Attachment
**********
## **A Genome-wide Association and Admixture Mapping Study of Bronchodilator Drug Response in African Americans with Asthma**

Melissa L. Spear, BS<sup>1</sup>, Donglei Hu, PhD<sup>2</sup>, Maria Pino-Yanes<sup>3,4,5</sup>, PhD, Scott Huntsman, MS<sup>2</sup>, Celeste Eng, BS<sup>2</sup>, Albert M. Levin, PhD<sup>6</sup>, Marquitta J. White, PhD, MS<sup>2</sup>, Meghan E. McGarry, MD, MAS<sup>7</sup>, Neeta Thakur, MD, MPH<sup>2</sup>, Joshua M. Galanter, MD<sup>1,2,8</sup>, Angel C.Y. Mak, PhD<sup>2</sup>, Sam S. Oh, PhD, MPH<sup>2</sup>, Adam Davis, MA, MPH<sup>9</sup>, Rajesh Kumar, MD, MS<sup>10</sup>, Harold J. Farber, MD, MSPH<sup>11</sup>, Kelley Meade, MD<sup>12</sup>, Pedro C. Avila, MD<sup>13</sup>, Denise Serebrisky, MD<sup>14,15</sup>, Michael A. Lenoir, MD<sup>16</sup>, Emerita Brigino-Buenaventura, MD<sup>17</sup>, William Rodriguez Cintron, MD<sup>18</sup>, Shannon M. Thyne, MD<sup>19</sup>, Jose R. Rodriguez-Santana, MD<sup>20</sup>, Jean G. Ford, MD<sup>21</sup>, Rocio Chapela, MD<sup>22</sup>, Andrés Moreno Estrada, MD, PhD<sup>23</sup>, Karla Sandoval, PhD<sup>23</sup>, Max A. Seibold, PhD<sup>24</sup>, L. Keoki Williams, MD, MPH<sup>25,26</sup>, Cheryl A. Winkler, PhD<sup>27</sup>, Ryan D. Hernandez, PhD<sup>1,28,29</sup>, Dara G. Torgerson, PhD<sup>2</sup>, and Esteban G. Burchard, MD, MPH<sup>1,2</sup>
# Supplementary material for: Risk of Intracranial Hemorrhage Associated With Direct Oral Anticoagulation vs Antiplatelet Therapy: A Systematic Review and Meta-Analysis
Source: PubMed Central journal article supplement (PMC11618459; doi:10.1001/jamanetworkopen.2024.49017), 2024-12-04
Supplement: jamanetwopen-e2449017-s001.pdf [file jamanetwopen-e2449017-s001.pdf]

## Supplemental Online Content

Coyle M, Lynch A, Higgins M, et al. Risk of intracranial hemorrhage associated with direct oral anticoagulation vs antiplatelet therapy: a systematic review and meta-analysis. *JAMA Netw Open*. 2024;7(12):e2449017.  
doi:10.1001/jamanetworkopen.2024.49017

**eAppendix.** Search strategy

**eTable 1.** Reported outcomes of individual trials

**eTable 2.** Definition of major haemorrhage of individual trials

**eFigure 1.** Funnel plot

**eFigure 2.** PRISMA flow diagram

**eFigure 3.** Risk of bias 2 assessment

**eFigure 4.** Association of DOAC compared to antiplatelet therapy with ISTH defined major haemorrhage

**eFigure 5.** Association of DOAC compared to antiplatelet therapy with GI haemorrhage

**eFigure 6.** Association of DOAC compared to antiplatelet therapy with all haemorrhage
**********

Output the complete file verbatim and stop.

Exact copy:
## **A Genome-wide Association and Admixture Mapping Study of Bronchodilator Drug Response in African Americans with Asthma**

Melissa L. Spear, BS<sup>1</sup>, Donglei Hu, PhD<sup>2</sup>, Maria Pino-Yanes<sup>3,4,5</sup>, PhD, Scott Huntsman, MS<sup>2</sup>, Celeste Eng, BS<sup>2</sup>, Albert M. Levin, PhD<sup>6</sup>, Marquitta J. White, PhD, MS<sup>2</sup>, Meghan E. McGarry, MD, MAS<sup>7</sup>, Neeta Thakur, MD, MPH<sup>2</sup>, Joshua M. Galanter, MD<sup>1,2,8</sup>, Angel C.Y. Mak, PhD<sup>2</sup>, Sam S. Oh, PhD, MPH<sup>2</sup>, Adam Davis, MA, MPH<sup>9</sup>, Rajesh Kumar, MD, MS<sup>10</sup>, Harold J. Farber, MD, MSPH<sup>11</sup>, Kelley Meade, MD<sup>12</sup>, Pedro C. Avila, MD<sup>13</sup>, Denise Serebrisky, MD<sup>14,15</sup>, Michael A. Lenoir, MD<sup>16</sup>, Emerita Brigino-Buenaventura, MD<sup>17</sup>, William Rodriguez Cintron, MD<sup>18</sup>, Shannon M. Thyne, MD<sup>19</sup>, Jose R. Rodriguez-Santana, MD<sup>20</sup>, Jean G. Ford, MD<sup>21</sup>, Rocio Chapela, MD<sup>22</sup>, Andrés Moreno Estrada, MD, PhD<sup>23</sup>, Karla Sandoval, PhD<sup>23</sup>, Max A. Seibold, PhD<sup>24</sup>, L. Keoki Williams, MD, MPH<sup>25,26</sup>, Cheryl A. Winkler, PhD<sup>27</sup>, Ryan D. Hernandez, PhD<sup>1,28,29</sup>, Dara G. Torgerson, PhD<sup>2</sup>, and Esteban G. Burchard, MD, MPH<sup>1,2</sup>
# Supplementary material for: Risk of Intracranial Hemorrhage Associated With Direct Oral Anticoagulation vs Antiplatelet Therapy: A Systematic Review and Meta-Analysis
Source: PubMed Central journal article supplement (PMC11618459; doi:10.1001/jamanetworkopen.2024.49017), 2024-12-04
Supplement: jamanetwopen-e2449017-s001.pdf [file jamanetwopen-e2449017-s001.pdf]

## Supplemental Online Content

Coyle M, Lynch A, Higgins M, et al. Risk of intracranial hemorrhage associated with direct oral anticoagulation vs antiplatelet therapy: a systematic review and meta-analysis. *JAMA Netw Open*. 2024;7(12):e2449017.  
doi:10.1001/jamanetworkopen.2024.49017

**eAppendix.** Search strategy

**eTable 1.** Reported outcomes of individual trials

**eTable 2.** Definition of major haemorrhage of individual trials

**eFigure 1.** Funnel plot

**eFigure 2.** PRISMA flow diagram

**eFigure 3.** Risk of bias 2 assessment

**eFigure 4.** Association of DOAC compared to antiplatelet therapy with ISTH defined major haemorrhage

**eFigure 5.** Association of DOAC compared to antiplatelet therapy with GI haemorrhage

**eFigure 6.** Association of DOAC compared to antiplatelet therapy with all haemorrhage